Friday Jan 27, 2023

In a first, a solar-powered reactor converted plastic and greenhouse … – Interesting Engineering


A graphical illustration of the process.

A system that can efficiently make high-value products from waste

The integrated reactor has two separate chambers, one for plastic and the other for greenhouse gases. The reactor also contains a light absorber based on perovskite.

Different catalysts were designed, which were then integrated into the light absorber. When tests were conducted under normal temperature and pressure conditions, it was revealed that the reactor could efficiently convert PET plastic bottles and CO2 into different carbon-based fuels such as CO, syngas, or formate, in addition to glycolic acid. 

The release also stressed that the reactor produced the products at a higher rate than conventional photocatalytic CO2 reduction processes.

“Generally, CO2 conversion requires a lot of energy, but with our system, basically you just shine a light at it, and it starts converting harmful products into something useful and sustainable,” said Rahaman. “Prior to this system, we didn’t have anything that could make high-value products selectively and efficiently.”

In the next five years, the system could perhaps power a recycling plant

Reisner recently received new funding from the European Research Council to help the development of their solar-powered reactor.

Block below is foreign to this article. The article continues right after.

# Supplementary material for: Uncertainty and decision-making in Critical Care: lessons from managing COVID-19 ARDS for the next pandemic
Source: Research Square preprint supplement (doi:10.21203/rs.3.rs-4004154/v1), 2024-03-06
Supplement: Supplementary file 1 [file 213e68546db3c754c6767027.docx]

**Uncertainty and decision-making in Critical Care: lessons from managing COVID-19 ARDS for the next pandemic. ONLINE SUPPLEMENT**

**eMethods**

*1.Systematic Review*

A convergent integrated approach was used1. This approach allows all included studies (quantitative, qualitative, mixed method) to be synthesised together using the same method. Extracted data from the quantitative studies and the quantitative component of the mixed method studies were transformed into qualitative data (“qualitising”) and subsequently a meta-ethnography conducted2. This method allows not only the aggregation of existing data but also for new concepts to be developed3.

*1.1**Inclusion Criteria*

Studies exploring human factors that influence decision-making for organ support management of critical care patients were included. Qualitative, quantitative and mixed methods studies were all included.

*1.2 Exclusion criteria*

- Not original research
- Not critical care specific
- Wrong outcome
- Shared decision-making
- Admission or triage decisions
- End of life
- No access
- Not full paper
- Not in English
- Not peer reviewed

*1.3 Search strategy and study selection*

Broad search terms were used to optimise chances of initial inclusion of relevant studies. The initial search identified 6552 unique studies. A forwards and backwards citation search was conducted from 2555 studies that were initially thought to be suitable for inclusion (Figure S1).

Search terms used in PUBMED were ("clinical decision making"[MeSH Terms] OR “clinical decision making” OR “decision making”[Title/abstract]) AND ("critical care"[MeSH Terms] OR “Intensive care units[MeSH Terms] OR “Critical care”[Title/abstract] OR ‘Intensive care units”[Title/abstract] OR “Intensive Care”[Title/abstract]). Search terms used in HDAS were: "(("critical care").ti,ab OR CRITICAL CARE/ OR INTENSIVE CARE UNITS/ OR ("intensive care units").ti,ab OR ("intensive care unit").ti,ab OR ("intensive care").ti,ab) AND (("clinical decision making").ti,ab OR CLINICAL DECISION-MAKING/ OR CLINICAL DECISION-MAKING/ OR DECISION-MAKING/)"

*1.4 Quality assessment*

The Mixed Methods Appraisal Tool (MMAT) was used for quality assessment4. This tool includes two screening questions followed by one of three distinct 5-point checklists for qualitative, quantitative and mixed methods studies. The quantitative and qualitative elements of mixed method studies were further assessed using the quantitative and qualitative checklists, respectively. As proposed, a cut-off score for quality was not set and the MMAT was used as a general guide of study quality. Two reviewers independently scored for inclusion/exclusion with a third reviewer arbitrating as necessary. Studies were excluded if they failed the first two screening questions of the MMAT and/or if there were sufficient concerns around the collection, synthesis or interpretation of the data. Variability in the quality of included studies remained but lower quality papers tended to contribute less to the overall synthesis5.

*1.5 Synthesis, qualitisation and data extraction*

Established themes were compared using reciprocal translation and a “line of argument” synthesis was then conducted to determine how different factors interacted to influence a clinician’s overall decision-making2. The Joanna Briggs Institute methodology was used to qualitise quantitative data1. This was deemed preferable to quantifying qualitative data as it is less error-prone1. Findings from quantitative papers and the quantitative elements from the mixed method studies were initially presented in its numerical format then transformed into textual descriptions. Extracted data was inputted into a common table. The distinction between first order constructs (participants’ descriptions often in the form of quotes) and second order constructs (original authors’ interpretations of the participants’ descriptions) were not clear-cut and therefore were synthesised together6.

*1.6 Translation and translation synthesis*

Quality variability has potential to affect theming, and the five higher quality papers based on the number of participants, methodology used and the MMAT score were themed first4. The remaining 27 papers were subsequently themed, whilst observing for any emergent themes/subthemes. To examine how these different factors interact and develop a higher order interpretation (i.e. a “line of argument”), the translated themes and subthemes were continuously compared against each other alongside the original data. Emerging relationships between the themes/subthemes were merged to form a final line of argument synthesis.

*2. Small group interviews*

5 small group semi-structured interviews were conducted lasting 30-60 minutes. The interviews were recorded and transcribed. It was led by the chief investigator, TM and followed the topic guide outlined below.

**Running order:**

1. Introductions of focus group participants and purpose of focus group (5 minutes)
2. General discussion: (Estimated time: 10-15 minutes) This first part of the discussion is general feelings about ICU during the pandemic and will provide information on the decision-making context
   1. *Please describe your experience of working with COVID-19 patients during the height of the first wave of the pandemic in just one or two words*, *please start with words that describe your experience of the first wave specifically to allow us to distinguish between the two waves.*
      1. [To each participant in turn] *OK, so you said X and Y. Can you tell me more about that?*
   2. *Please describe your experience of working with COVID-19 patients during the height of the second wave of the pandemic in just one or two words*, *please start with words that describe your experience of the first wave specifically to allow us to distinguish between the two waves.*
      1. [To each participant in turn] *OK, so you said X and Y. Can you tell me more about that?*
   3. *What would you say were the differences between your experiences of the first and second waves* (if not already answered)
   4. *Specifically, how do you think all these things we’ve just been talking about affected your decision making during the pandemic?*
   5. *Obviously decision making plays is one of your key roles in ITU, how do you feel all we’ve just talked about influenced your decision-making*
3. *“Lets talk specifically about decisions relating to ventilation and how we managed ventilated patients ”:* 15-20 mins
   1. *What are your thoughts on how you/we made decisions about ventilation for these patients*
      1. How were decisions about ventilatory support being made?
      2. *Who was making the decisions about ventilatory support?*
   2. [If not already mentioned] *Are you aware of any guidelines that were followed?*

The researchers hope to develop the reactor further to produce more complex molecules. Someday, it could be used to develop a solar-powered recycling plant. 


Study Abstract:

Solar-driven conversion of CO2 and plastics into value-added products provides a potential sustainable route towards a circular economy, but their simultaneous conversion in an integrated process is challenging. Here we introduce a versatile photoelectrochemical platform for CO2 conversion that is coupled to the reforming of plastic. The perovskite-based photocathode enables the integration of different CO2-reduction catalysts such as a molecular cobalt porphyrin, a Cu91In9 alloy and formate dehydrogenase enzyme, which produce CO, syngas and formate, respectively. The Cu27Pd73 alloy anode selectively reforms polyethylene terephthalate plastics into glycolate in alkaline solution. The overall single-light-absorber photoelectrochemical system operates with the help of an internal chemical bias and under zero applied voltage. The system performs similarly to bias-free, dual-light absorber tandems and shows about 10‒100-fold higher production rates than those of photocatalytic suspension processes. This finding demonstrates efficient photoelectrochemical CO2-to-fuel production coupled to plastic-to-chemical conversion as a promising and sustainable technology powered by sunlight.


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